Economic measurements published by the Office for National Statistics fail to properly describe the picture in local areas to a “lamentable” degree and this “lack of information… represents a handicap for policy and business decisions,” according to a government-commissioned report.
The problem affects regional, city and local levels of business and economic planning according to former Bank of England deputy governor Sir Charles Bean, who led the review. Bean called for “timelier and more detailed statistics at a finer level of geographical disaggregation.”
The issue was raised repeatedly by consultees to the report, including Prof Diane Coyle, economics professor at the University of Manchester. She said: “The provision of sub-national statistics, for the devolved nations but especially for English regions and city regions is absolutely lamentable.”
Bean called the improvement of regional data a “long-standing need, but one that has become more pressing with the increased emphasis on the devolution of decision-making power to the nations, regions and cities of the UK.”
He continued: “The lack of information to diagnose the specific economic challenges facing geographic units below the level of the UK as a whole represents a handicap for policy and business decisions.”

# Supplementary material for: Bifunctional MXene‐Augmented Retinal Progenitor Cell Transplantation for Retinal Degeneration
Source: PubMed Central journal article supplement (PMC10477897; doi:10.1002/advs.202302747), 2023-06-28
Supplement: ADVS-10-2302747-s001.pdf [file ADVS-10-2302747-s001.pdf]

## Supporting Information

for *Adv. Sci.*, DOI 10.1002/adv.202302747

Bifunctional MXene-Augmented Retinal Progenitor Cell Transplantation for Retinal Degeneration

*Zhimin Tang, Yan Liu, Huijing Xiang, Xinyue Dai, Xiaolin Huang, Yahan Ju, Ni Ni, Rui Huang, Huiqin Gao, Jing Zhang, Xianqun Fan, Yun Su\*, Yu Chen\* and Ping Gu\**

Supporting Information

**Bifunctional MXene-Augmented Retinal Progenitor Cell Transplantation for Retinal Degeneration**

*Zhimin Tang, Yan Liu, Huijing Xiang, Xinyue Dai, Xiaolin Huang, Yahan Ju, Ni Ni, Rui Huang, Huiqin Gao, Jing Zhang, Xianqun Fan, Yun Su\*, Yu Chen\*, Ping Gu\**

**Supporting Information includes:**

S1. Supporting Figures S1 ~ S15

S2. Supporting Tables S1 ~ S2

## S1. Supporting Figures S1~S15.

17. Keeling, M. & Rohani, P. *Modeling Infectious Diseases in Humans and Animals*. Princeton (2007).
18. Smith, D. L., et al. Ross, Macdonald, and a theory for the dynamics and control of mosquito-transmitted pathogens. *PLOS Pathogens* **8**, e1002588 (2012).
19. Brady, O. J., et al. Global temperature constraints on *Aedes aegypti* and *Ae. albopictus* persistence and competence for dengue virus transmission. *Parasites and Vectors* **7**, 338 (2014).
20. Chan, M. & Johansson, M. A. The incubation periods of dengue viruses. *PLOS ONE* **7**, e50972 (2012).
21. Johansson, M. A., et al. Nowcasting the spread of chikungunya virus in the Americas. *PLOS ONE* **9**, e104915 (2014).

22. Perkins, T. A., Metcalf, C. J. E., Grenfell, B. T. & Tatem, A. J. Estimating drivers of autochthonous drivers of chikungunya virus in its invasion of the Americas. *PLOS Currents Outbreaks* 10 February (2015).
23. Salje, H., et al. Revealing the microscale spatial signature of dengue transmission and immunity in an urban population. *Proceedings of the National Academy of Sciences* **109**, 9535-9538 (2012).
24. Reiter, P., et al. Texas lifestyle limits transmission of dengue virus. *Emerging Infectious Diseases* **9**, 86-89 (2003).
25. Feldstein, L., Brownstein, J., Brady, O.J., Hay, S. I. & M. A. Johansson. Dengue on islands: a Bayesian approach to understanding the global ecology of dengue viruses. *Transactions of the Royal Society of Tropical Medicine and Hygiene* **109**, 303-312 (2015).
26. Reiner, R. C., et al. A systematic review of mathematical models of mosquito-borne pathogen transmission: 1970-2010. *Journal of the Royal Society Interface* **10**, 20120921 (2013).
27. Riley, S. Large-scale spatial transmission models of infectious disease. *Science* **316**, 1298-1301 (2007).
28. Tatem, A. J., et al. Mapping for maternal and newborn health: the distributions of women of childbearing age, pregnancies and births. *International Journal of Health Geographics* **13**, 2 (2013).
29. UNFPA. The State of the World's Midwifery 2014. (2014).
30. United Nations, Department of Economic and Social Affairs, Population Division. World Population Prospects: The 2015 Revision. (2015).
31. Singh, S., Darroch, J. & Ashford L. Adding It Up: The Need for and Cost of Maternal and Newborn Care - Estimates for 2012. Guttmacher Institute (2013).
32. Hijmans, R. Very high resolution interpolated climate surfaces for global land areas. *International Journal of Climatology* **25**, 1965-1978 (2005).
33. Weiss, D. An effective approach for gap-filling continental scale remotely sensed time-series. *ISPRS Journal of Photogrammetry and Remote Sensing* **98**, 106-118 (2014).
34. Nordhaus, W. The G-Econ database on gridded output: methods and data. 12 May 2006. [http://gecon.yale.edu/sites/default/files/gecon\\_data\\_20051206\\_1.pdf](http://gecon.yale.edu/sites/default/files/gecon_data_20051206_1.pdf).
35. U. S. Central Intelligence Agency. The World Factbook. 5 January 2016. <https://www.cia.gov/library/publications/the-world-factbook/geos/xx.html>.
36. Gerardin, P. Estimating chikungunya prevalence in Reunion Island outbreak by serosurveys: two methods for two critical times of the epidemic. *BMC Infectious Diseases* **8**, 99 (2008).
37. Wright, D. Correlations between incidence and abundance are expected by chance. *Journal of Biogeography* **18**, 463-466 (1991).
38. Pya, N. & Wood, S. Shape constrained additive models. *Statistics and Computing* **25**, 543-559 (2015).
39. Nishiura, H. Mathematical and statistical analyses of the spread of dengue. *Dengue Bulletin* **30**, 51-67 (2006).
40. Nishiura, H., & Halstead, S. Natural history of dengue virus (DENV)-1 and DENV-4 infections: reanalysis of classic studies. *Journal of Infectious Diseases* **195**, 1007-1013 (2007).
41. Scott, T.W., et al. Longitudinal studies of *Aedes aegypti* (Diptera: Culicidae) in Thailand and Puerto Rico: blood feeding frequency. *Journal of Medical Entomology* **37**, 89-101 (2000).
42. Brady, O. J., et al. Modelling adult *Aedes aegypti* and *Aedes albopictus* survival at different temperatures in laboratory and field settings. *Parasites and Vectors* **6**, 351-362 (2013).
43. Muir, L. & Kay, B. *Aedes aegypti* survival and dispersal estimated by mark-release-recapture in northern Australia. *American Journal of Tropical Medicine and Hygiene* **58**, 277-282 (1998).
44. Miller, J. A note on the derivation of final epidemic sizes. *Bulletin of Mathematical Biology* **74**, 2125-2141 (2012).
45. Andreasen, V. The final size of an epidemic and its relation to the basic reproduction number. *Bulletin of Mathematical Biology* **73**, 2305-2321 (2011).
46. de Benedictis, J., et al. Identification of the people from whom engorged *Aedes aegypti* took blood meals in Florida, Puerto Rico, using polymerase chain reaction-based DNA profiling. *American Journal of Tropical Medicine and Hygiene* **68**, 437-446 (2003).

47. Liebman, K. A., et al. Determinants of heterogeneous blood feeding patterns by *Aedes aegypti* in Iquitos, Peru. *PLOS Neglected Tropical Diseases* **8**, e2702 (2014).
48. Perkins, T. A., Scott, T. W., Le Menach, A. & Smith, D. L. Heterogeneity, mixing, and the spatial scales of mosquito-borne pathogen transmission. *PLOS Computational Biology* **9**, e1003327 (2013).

Little has been done to improve the situation since a similar review by Chris Allsopp, another former director of the Bank of England, published in March 2004.
The Allsopp Review called for better regional GVA figures but, said Bean, “only partial progress has been made in implementing those recommendations, often owing to their resource intensity and competing demands.” He added: “In June 2010, the government announced the abolition of the Government Offices of the Regions and the Regional Development Agencies in England. The Department for Communities & Local Government then took the decision to cease publication of statistics at the regional level from October 2012 onwards.”
Regional GVA figures are “currently estimated via a top-down approach that uses regional indicators to allocate the national tools geographically.” This approach is unreliable for small geographic areas and collecting more granular detail from companies and individual outlets of national chains “does not seem very practical”.
As well as being vague, data is slow to arrive. The earliest estimate of annual GVA is only available to local leaders almost a year after the end of the period. Prof Henry Overman of the London School of Economics said: “This makes getting a picture of the current performance of city and other economies very difficult.”
The Greater Manchester research unit New Economy was also among the consultees for the report.
Elsewhere, Bean said national statistics fail to account for the impact of digital economy businesses such as Amazon, Skype, and Airbnb. If the digital economy’s benefits were fully acknowledged the UK would have recorded greater annual growth by between 0.4% and 0.7% higher over the past decade.
Bean suggested using HMRC VAT registration data instead which has potential to be more accurate but said the complexity of this meant it would be difficult to introduce as businesses operate in multiple areas and additional information would be needed.